I agree that climbing is 'vitally important' for some people's mental health. In reality, there are very few people like that. I know only one person who is like that. There are plenty more who *think* it's vitally important for them but actually they can manage without climbing for a few months, particularly during the off season. I really don't think it's that big an ask at the moment. If people are being honest with themselves, I think the real answer for the vast majority who are continuing to head out is 'I'm doing it because I want to, not because I need to'.

It's a temporary state of affairs and things should improve in a couple of months just as the weather gets better and the days longer. Hopefully we have a relatively normal summer to look forward to, albeit probably without overseas travel but I can live without a summer Alps trip for another year.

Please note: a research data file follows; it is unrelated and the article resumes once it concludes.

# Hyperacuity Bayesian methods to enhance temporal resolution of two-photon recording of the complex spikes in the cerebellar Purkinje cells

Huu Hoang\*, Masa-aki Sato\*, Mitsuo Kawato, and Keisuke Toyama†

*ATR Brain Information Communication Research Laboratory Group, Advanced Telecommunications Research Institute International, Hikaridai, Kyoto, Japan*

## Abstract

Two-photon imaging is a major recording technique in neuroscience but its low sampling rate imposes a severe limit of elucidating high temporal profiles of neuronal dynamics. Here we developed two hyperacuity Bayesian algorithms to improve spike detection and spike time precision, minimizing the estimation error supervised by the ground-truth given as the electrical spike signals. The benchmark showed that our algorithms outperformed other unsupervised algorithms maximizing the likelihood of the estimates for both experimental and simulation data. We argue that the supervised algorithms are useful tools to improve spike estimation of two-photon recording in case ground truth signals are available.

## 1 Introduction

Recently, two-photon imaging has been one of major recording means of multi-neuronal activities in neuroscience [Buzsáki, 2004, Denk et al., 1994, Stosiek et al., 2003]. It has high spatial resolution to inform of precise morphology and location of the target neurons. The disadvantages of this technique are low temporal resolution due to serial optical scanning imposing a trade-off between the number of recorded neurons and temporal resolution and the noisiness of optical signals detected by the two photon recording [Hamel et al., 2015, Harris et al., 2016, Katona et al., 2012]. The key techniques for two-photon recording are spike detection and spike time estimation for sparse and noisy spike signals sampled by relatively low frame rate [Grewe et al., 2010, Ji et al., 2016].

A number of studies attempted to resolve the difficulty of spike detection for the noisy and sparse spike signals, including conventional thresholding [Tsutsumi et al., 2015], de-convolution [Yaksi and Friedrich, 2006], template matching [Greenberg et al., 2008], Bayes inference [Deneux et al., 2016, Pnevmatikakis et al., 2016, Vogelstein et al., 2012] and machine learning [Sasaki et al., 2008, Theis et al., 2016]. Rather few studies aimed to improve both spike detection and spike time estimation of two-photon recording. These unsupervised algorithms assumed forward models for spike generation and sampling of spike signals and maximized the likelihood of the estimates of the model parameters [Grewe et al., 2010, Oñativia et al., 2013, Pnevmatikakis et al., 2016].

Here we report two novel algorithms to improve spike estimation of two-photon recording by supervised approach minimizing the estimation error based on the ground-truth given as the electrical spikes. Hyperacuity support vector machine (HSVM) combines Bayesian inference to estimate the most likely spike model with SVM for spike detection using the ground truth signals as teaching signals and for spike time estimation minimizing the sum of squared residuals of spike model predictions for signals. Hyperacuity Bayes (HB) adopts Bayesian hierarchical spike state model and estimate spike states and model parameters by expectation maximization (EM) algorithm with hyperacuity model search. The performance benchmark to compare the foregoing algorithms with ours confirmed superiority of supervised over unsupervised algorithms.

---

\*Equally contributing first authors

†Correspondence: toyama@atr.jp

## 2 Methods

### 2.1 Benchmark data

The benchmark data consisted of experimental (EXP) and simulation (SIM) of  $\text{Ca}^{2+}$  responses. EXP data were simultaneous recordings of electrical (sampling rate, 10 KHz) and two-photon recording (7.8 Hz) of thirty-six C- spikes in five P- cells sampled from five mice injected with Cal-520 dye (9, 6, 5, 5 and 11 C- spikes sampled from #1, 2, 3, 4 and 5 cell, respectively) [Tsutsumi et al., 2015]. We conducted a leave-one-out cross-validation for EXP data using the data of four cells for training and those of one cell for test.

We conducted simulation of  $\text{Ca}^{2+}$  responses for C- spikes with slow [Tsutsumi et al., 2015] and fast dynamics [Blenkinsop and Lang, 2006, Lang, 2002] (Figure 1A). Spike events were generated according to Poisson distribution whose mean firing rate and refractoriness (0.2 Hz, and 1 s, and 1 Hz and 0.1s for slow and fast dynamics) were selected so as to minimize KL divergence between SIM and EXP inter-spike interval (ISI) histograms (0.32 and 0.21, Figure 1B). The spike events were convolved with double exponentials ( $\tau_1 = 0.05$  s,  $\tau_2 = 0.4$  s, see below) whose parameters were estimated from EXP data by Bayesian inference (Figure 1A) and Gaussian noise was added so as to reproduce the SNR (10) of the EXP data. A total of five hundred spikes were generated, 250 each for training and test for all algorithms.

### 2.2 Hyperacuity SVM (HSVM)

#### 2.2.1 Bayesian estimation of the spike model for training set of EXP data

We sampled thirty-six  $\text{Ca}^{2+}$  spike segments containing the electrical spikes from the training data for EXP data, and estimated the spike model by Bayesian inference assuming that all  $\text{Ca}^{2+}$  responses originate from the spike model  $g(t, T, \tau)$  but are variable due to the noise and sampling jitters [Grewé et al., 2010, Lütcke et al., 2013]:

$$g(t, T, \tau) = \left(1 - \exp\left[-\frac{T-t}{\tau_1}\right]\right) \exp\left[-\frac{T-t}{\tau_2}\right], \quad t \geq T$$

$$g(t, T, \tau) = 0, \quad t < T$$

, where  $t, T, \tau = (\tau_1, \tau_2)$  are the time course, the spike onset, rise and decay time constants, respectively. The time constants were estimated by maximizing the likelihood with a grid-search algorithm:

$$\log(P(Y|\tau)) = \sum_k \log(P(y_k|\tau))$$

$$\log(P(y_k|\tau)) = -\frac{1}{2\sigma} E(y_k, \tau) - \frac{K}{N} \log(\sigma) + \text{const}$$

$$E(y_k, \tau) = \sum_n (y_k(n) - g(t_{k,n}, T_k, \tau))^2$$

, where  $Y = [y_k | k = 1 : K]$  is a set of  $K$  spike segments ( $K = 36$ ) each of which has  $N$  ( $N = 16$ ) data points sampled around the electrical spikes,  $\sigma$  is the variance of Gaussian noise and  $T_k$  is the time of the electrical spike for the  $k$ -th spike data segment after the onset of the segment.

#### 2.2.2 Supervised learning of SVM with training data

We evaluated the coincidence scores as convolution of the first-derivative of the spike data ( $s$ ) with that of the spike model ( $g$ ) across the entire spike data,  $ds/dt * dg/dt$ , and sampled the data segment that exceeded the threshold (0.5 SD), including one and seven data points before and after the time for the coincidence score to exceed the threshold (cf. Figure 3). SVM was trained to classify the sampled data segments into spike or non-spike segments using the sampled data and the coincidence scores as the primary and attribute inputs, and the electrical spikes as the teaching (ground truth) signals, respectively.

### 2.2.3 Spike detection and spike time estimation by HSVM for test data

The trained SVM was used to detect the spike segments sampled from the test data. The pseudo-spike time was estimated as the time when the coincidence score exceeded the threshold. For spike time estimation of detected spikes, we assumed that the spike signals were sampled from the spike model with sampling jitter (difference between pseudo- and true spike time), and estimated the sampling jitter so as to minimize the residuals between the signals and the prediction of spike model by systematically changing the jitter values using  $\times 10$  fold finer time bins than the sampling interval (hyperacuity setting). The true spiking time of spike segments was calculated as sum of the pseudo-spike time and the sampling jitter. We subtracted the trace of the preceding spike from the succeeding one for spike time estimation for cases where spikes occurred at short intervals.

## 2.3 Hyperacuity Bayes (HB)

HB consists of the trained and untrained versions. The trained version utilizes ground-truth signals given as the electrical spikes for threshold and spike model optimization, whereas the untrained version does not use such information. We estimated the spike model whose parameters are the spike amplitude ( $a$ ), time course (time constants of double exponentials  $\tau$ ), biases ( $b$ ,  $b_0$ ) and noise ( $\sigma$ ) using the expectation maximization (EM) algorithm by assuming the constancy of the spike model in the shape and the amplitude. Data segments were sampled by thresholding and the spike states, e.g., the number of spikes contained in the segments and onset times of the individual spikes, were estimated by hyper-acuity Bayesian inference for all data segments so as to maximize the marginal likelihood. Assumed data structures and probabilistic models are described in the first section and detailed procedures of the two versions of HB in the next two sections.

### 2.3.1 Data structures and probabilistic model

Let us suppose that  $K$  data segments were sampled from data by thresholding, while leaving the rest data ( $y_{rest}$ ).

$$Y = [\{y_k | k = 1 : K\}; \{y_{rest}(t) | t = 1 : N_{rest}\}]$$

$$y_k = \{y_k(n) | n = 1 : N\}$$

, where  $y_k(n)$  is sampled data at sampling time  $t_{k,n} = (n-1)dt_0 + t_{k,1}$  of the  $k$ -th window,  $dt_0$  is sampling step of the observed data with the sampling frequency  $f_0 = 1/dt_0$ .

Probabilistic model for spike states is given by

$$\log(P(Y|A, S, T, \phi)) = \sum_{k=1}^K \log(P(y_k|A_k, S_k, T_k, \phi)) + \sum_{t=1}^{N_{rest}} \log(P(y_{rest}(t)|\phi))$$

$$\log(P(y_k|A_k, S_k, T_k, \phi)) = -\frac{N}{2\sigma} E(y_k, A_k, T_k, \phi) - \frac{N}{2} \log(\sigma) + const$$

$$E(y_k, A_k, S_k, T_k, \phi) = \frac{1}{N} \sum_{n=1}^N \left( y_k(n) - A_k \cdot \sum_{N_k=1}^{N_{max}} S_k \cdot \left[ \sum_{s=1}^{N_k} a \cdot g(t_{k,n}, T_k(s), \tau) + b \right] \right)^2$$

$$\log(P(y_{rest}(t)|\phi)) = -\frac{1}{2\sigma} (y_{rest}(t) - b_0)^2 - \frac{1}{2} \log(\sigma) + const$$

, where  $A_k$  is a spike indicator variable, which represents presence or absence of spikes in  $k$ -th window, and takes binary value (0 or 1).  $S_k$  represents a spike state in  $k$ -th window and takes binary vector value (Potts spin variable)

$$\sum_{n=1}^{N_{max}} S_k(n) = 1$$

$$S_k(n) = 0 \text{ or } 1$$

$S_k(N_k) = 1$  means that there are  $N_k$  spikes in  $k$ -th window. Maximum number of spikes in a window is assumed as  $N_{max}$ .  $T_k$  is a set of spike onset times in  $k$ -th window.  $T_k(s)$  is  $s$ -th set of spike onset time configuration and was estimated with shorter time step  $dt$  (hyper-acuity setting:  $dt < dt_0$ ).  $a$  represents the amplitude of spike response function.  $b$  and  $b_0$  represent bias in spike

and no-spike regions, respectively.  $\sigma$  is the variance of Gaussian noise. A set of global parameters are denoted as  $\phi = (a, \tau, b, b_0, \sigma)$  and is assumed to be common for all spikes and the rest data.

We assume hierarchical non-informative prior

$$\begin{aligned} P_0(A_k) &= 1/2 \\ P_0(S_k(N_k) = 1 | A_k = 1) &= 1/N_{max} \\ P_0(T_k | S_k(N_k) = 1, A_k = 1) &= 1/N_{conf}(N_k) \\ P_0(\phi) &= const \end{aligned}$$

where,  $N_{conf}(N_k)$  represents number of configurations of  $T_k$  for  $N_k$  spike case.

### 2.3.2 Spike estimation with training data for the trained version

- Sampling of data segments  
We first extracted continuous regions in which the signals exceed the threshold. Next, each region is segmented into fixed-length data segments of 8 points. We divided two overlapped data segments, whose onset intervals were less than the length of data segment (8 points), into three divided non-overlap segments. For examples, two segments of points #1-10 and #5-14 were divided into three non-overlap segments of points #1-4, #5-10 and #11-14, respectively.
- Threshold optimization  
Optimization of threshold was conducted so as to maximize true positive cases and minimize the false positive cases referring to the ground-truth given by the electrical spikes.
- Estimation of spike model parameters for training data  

I don't disagree with your comments about better knowledge since March.

In reply to Michael Gordon:

> Re 'bending rules', I have concluded that the UK is naturally more libertarian/individualistic than many other countries. This of course leads to complacency and minor breaking of rules across a large swathe of the population. 

Surely not more so than the US though? And the US do have a bit of a Covid issue... Though to be fair their death rate per 1m population is similar to ours, assuming they count deaths roughly the same way. So perhaps not so different after all.

In reply to DaveHK:

Yes but why not do all you can reasonably do and not go climbing until the situation improves?

In reply to tehmarks:

> And, err, what is wrong with doing that? There's great fun to be had on the easy ridges of the world. We don't have to scratch our way up delicate mixed cracks or dodgy ice to enjoy the day. Do we?